Now, while the average Residential consumer uses around 20KWH per day, the average Commerce consumer uses 10 times that much, and that’s just the average. The average Industry consumer uses residential multiplied by 100, again, that’s just the average.

      So, these batteries are aimed only at that Residential sector, because they would be absolutely useless in any other application.

      I have issues with the battery capacity, as the recommended standard is for a five day capacity as the recommended fitting, and 14KW is most definitely not that.

      At $10,000 per installation, there right there is four years of retail electricity from the grid as an average, and keep in mind that is ON TOP of the cost of the panels, and you’ll need more than one battery in the life of the panels.

      I know I routinely shoot at rooftop solar, and that is not because I am diametrically opposed to them by dint of being anti renewable. It’s because they are not a viable thing, on more than just the cost level.

      This is hype and hype of the most obnoxious form.

      Of course the chemical origin and the mess that the mining for the products in these things are bad, as are the prospects for their disposal, but, seriously, that is the least part of my opposition to them.

      They just don’t do what is claimed, and please, the price will not come down to the point that they will become available to everyone. That will NEVER happen.

      It will be made out as fulfillment of a big green dream, but in actual fact it’s an absolute nightmare, and a costly one at that. The people selling these things are not altruistic. They’re laughing out loud, all the way to the bank in fact.

      Tony.

      273

      • #
        Peter C

        Thanks Tony,

        I was hoping for some contributions on this topic.

        The life of solar cells has been estimated at 20 years, but we are not there yet. I have not heard of solar cell failures. We are out to about 7+ years. Solar cells seem to be doing better than wind turbines, where there have been failures.

        In terms of battery life the A123cells which Tesla were using had a quoted life of 1000-2000 cycles. I bought 20 cells which I have hardly used, maybe 20 cycles but they are still working after 4 years.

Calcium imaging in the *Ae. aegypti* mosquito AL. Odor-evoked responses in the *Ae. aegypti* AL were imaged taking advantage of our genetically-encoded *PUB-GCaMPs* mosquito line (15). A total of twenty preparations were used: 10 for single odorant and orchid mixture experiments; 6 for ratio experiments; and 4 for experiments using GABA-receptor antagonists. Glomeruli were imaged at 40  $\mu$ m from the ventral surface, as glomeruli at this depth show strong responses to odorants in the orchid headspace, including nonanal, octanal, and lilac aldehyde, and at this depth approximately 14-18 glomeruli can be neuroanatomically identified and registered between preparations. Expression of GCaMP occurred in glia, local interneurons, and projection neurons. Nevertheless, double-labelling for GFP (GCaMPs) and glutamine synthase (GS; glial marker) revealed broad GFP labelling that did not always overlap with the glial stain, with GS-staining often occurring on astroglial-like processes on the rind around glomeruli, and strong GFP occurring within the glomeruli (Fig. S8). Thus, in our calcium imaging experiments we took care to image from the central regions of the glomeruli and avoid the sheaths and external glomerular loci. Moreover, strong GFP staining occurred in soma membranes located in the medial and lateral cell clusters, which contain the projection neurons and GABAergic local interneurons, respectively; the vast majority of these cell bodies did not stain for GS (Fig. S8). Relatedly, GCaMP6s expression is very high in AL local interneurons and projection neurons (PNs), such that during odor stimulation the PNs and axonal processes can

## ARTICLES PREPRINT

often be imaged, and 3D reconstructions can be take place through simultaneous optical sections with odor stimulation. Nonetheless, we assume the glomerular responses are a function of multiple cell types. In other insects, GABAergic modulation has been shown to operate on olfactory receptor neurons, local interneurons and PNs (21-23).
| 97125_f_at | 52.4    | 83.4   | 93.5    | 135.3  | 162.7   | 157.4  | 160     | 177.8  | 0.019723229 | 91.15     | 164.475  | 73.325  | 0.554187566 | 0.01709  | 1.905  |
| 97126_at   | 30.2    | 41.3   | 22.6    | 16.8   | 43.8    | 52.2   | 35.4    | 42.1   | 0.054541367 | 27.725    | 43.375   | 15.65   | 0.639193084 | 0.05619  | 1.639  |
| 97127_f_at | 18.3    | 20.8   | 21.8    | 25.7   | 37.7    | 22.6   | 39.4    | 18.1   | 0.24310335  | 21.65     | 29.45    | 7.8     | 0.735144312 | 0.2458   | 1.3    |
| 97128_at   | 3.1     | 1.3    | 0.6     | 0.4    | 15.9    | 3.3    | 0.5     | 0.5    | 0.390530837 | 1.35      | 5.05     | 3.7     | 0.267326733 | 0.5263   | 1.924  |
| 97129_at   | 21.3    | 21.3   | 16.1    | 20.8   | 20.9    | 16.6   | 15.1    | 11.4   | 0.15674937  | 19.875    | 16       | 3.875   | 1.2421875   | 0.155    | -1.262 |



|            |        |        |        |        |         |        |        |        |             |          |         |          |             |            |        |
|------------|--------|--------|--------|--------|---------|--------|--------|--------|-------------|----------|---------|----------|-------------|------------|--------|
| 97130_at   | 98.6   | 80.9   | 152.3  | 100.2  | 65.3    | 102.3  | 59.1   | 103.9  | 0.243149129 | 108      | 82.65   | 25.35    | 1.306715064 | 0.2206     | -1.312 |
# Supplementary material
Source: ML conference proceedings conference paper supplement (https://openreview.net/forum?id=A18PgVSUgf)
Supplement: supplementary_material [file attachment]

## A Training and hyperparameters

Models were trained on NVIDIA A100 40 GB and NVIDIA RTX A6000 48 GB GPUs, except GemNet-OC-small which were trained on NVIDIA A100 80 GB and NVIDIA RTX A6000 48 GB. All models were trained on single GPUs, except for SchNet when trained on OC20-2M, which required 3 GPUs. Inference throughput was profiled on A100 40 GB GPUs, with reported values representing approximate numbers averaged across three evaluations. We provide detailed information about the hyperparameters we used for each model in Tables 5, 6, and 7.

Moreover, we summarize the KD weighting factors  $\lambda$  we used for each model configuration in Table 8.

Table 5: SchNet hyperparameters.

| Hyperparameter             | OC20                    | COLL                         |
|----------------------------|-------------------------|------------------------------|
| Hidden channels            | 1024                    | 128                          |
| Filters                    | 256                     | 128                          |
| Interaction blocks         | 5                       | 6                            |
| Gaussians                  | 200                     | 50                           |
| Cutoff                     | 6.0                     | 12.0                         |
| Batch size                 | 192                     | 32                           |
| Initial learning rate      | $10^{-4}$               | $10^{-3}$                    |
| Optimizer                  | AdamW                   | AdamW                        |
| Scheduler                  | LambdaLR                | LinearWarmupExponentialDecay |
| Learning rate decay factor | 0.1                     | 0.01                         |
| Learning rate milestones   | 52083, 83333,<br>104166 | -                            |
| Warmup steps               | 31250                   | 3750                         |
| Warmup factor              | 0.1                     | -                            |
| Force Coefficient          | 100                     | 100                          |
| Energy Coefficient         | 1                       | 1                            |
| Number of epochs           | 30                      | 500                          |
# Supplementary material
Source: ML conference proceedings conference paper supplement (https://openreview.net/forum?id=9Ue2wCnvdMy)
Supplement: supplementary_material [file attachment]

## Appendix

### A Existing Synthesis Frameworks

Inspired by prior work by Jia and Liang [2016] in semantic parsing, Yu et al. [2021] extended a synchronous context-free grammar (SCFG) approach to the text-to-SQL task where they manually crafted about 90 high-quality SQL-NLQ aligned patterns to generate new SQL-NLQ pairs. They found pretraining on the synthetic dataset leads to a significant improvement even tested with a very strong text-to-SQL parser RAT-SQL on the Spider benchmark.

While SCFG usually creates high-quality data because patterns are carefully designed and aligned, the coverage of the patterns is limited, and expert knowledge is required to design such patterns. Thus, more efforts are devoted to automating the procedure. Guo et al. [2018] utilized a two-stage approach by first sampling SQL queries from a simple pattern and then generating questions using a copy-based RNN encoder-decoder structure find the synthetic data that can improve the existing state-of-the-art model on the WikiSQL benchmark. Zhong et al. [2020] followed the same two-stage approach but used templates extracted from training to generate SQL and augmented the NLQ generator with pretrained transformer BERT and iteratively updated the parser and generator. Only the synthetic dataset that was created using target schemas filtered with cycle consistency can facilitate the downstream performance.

Anyway 2000 cycles would be about 5 years of daily discharge cycles. I doubt if they will do any better than that. Probably ok for an electric car but expensive for domestic power.

        30

        • #
        • #

          Peter C,

          Note that upper end of cycles, and it’s 2000.

          When the Sun comes up, the generated power goes to the Inverter which converts it to the AC power requirement for the home. Some power feeds all the requirements for the home and some is diverted to charge the battery.

          When the Sun goes down, the charge in the battery then drives the Inverter, which then supplies ALL the home’s requirements, thus effectively discharging the battery.

          One Cycle.

          One Day.

          Upper mark of a hoped for 2,000 cycles, is 2,000 days or 5.5 years.

          And when was the last time you heard a salesman quote anything but the absolute best case scenario.

          Tony.

          142

        • #
          Dennis

          I cannot see electric cars or even hybrids being practical, value for money. Not when turbo technology and other fuel saving technologies, electric steering for example to replace hydraulic pump and belt drive, is producing petrol consumption equal to a hybrid of the same passenger capacity. Not when a intercooler turbo common rail diesel engine powers a 7-seat SUV and uses an average of 6-7 litres per 100 kilometres of country travel, 9-10 litres average towing 1,200 kilograms of trailer.

          21

      • #
        Willard

        Gee Tony, you could have given your opinion on the Tesla powerwall/powerpack last week when it was announced, Tesla have taken $800 million of bookings for this “useless” thing in the first 5 days of business, you could have saved the good citizens of North America from wasting their money.

        414